Claims of Easter being pagan originated with pagans themselves and secularists who detest the truth of the gospel. The earth is the Lord's and the fullness thereof. No mere man has the power to make a day that God created corrupt. Christians who dogmatically condemn the celebration are guilty of making category errors and oversimplifications. No sacrifices or homage is given to false gods in the process. The English term Easter comes from the Old German word "erstehen", which means coming back to life. It does not pertain to the celebration of anything pagan.
The form of compromise Scripture condemns is that which hinders service or allegiance rightfully belonging to God alone. There comes a point when separation no longer resembles a desire to grow in sanctification but a religious recluse. The latter is not the way God wants us to thrive. If we were to be absolutely disconnected from the world, then He would have to remove us at this very instant. We are to be in the world (to preach the gospel, etc.), but not of it. We are to engage the culture with our beliefs, but lovingly stand firm in so doing.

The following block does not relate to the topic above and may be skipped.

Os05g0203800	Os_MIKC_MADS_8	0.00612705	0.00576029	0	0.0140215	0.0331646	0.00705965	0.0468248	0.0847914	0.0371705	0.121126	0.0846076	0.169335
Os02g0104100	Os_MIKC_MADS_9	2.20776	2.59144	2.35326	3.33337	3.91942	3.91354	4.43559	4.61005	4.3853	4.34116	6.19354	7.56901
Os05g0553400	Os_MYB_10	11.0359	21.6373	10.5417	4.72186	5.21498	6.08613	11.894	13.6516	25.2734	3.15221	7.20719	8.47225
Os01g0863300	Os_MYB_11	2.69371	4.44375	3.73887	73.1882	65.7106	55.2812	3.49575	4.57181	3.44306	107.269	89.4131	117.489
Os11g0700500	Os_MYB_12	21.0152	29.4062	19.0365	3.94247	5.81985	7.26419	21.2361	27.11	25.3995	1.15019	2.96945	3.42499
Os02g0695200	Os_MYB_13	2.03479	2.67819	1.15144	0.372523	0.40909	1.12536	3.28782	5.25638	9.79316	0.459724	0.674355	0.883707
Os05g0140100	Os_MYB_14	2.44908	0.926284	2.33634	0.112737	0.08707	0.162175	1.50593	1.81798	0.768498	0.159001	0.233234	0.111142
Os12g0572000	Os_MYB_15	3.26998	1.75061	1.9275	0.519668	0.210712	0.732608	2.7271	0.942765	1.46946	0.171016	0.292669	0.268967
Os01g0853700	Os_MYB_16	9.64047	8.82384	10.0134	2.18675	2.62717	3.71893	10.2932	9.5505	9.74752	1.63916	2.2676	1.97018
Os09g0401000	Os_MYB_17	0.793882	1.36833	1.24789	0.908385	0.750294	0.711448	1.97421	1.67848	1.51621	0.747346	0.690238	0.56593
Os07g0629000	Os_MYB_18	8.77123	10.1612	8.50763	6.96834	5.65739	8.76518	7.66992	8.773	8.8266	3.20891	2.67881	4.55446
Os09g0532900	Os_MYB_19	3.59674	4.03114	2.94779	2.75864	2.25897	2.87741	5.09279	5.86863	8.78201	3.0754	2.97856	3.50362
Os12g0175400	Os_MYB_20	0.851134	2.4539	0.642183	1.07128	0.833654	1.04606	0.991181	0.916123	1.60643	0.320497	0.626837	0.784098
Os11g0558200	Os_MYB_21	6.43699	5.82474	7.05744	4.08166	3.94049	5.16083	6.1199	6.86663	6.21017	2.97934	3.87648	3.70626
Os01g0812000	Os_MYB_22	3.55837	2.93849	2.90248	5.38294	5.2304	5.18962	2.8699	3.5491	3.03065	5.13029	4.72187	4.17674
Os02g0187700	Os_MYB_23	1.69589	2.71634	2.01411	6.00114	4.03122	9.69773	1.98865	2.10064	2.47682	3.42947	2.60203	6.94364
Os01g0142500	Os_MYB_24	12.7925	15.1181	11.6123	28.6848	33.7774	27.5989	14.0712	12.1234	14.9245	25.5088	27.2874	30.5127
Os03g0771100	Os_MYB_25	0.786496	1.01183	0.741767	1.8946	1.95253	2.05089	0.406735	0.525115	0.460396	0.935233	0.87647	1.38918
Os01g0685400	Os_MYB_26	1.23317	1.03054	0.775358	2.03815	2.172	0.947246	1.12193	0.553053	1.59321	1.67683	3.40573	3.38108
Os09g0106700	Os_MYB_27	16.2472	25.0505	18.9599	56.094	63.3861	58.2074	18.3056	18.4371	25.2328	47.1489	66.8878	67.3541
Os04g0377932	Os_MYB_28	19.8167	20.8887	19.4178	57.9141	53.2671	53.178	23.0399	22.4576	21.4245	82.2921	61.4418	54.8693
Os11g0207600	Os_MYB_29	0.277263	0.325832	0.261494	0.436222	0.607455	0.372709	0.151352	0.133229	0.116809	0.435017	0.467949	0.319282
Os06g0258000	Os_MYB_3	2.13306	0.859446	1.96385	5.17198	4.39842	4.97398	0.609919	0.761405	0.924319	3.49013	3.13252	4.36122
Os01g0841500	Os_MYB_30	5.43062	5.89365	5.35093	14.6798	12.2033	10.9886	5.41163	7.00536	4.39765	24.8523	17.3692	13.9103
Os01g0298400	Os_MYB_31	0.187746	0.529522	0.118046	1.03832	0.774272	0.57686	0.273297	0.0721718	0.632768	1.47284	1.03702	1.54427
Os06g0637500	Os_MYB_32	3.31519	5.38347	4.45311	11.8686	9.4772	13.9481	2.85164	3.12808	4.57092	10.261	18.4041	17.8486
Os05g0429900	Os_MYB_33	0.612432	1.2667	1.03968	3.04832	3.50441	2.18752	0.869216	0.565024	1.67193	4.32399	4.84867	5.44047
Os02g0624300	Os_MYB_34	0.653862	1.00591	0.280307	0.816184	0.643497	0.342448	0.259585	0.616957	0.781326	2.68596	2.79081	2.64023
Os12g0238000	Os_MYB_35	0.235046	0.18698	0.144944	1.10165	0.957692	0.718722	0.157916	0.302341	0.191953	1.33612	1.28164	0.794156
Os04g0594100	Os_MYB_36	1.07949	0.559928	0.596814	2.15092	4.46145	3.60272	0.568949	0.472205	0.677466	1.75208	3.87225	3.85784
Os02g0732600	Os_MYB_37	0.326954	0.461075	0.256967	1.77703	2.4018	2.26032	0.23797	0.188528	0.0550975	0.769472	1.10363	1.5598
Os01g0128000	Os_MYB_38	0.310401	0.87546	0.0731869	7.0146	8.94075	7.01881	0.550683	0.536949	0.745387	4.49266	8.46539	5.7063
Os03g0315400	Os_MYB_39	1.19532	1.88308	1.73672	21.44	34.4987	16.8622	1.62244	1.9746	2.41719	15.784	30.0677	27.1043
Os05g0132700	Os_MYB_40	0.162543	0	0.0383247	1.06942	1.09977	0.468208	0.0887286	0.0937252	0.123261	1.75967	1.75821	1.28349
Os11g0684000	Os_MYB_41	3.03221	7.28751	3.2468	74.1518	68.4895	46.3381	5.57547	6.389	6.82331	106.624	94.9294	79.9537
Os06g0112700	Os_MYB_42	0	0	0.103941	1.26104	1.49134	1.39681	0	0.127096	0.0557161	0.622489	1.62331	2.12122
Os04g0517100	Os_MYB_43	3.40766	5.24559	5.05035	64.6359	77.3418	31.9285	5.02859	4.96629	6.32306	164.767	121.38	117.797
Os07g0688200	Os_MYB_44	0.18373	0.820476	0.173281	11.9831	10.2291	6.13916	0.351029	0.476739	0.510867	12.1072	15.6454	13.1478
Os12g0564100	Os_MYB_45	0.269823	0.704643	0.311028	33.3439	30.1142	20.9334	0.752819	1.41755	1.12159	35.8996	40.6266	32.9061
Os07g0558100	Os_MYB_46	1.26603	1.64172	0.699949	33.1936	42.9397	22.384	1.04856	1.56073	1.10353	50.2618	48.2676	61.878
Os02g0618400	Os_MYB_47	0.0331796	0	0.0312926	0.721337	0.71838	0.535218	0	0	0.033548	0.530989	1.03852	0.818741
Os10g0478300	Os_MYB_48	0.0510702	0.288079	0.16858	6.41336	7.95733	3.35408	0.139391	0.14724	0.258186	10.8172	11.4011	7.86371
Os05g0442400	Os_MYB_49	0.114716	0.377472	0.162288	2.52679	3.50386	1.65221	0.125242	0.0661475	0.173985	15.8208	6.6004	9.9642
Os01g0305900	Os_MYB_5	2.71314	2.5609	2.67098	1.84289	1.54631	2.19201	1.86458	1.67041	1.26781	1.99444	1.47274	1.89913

Even the act of painting eggs or the idea of imaginary rabbits are nothing more than childish means of entertainment. Such is not inherently involved or related to the worship of false gods. Admittedly, fun is not (or should not be) the motivation behind celebrating Easter.
Whether or not a Christian chooses to observe Easter is entirely a matter of conscience or personal preference. It is not meant to be a test of orthodoxy. It is not a matter to break fellowship over. The Apostle Paul said the following about matters such as these:
"One person regards one day above another, another regards every day alike. Each person must be fully convinced in his own mind. He who observes the day, observes it for the Lord, and he who eats, does so for the Lord, for he gives thanks to God; and he who eats not, for the Lord he does not eat, and gives thanks to God...Therefore let us not judge one another anymore, but rather determine this—not to put an obstacle or a stumbling block in a brother’s way" (Romans 14:5-6; 13).